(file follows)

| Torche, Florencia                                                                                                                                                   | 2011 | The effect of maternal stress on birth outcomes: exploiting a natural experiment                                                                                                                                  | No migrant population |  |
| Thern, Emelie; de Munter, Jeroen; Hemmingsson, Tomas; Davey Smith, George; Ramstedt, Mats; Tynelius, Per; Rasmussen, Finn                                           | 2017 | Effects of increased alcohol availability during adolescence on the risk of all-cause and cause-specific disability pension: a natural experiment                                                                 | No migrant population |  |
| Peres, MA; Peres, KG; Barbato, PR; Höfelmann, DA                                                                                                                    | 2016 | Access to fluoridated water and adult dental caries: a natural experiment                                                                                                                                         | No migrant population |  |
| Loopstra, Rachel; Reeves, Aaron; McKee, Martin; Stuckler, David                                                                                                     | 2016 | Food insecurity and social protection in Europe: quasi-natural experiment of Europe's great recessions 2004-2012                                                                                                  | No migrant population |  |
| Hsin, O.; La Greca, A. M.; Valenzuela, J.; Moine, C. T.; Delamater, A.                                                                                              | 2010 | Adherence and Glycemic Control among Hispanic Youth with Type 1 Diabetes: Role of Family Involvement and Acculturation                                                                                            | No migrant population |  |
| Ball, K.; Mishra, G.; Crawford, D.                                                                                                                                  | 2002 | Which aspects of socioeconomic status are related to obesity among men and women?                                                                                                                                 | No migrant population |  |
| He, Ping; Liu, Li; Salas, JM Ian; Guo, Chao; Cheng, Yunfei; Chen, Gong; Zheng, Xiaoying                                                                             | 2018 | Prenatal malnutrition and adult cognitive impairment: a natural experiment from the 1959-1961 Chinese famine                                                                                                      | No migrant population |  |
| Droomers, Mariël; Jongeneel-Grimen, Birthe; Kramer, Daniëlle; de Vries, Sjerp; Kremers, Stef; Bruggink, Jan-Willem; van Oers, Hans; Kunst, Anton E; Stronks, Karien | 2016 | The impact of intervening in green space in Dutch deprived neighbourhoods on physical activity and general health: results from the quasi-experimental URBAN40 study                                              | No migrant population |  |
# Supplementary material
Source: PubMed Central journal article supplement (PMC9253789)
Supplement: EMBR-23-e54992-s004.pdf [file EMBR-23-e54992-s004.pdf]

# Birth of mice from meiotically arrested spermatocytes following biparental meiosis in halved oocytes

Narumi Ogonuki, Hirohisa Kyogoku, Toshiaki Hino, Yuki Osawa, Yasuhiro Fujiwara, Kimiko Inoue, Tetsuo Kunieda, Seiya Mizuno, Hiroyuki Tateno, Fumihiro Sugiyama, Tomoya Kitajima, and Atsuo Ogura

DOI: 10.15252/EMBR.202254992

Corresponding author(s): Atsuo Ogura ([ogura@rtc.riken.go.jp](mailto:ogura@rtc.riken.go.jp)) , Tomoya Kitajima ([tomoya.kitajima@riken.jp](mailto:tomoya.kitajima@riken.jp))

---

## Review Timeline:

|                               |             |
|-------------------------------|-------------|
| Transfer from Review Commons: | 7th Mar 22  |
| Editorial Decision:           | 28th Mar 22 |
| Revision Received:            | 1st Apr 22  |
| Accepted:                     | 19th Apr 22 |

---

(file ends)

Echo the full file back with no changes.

| Torche, Florencia                                                                                                                                                   | 2011 | The effect of maternal stress on birth outcomes: exploiting a natural experiment                                                                                                                                  | No migrant population |  |
| Thern, Emelie; de Munter, Jeroen; Hemmingsson, Tomas; Davey Smith, George; Ramstedt, Mats; Tynelius, Per; Rasmussen, Finn                                           | 2017 | Effects of increased alcohol availability during adolescence on the risk of all-cause and cause-specific disability pension: a natural experiment                                                                 | No migrant population |  |
| Peres, MA; Peres, KG; Barbato, PR; Höfelmann, DA                                                                                                                    | 2016 | Access to fluoridated water and adult dental caries: a natural experiment                                                                                                                                         | No migrant population |  |
| Loopstra, Rachel; Reeves, Aaron; McKee, Martin; Stuckler, David                                                                                                     | 2016 | Food insecurity and social protection in Europe: quasi-natural experiment of Europe's great recessions 2004-2012                                                                                                  | No migrant population |  |
| Hsin, O.; La Greca, A. M.; Valenzuela, J.; Moine, C. T.; Delamater, A.                                                                                              | 2010 | Adherence and Glycemic Control among Hispanic Youth with Type 1 Diabetes: Role of Family Involvement and Acculturation                                                                                            | No migrant population |  |
| Ball, K.; Mishra, G.; Crawford, D.                                                                                                                                  | 2002 | Which aspects of socioeconomic status are related to obesity among men and women?                                                                                                                                 | No migrant population |  |
| He, Ping; Liu, Li; Salas, JM Ian; Guo, Chao; Cheng, Yunfei; Chen, Gong; Zheng, Xiaoying                                                                             | 2018 | Prenatal malnutrition and adult cognitive impairment: a natural experiment from the 1959-1961 Chinese famine                                                                                                      | No migrant population |  |
| Droomers, Mariël; Jongeneel-Grimen, Birthe; Kramer, Daniëlle; de Vries, Sjerp; Kremers, Stef; Bruggink, Jan-Willem; van Oers, Hans; Kunst, Anton E; Stronks, Karien | 2016 | The impact of intervening in green space in Dutch deprived neighbourhoods on physical activity and general health: results from the quasi-experimental URBAN40 study                                              | No migrant population |  |
# Supplementary material
Source: PubMed Central journal article supplement (PMC9253789)
Supplement: EMBR-23-e54992-s004.pdf [file EMBR-23-e54992-s004.pdf]

# Birth of mice from meiotically arrested spermatocytes following biparental meiosis in halved oocytes

Narumi Ogonuki, Hirohisa Kyogoku, Toshiaki Hino, Yuki Osawa, Yasuhiro Fujiwara, Kimiko Inoue, Tetsuo Kunieda, Seiya Mizuno, Hiroyuki Tateno, Fumihiro Sugiyama, Tomoya Kitajima, and Atsuo Ogura

DOI: 10.15252/EMBR.202254992

Corresponding author(s): Atsuo Ogura ([ogura@rtc.riken.go.jp](mailto:ogura@rtc.riken.go.jp)) , Tomoya Kitajima ([tomoya.kitajima@riken.jp](mailto:tomoya.kitajima@riken.jp))

---

## Review Timeline:

|                               |             |
|-------------------------------|-------------|
| Transfer from Review Commons: | 7th Mar 22  |
| Editorial Decision:           | 28th Mar 22 |
| Revision Received:            | 1st Apr 22  |
| Accepted:                     | 19th Apr 22 |

---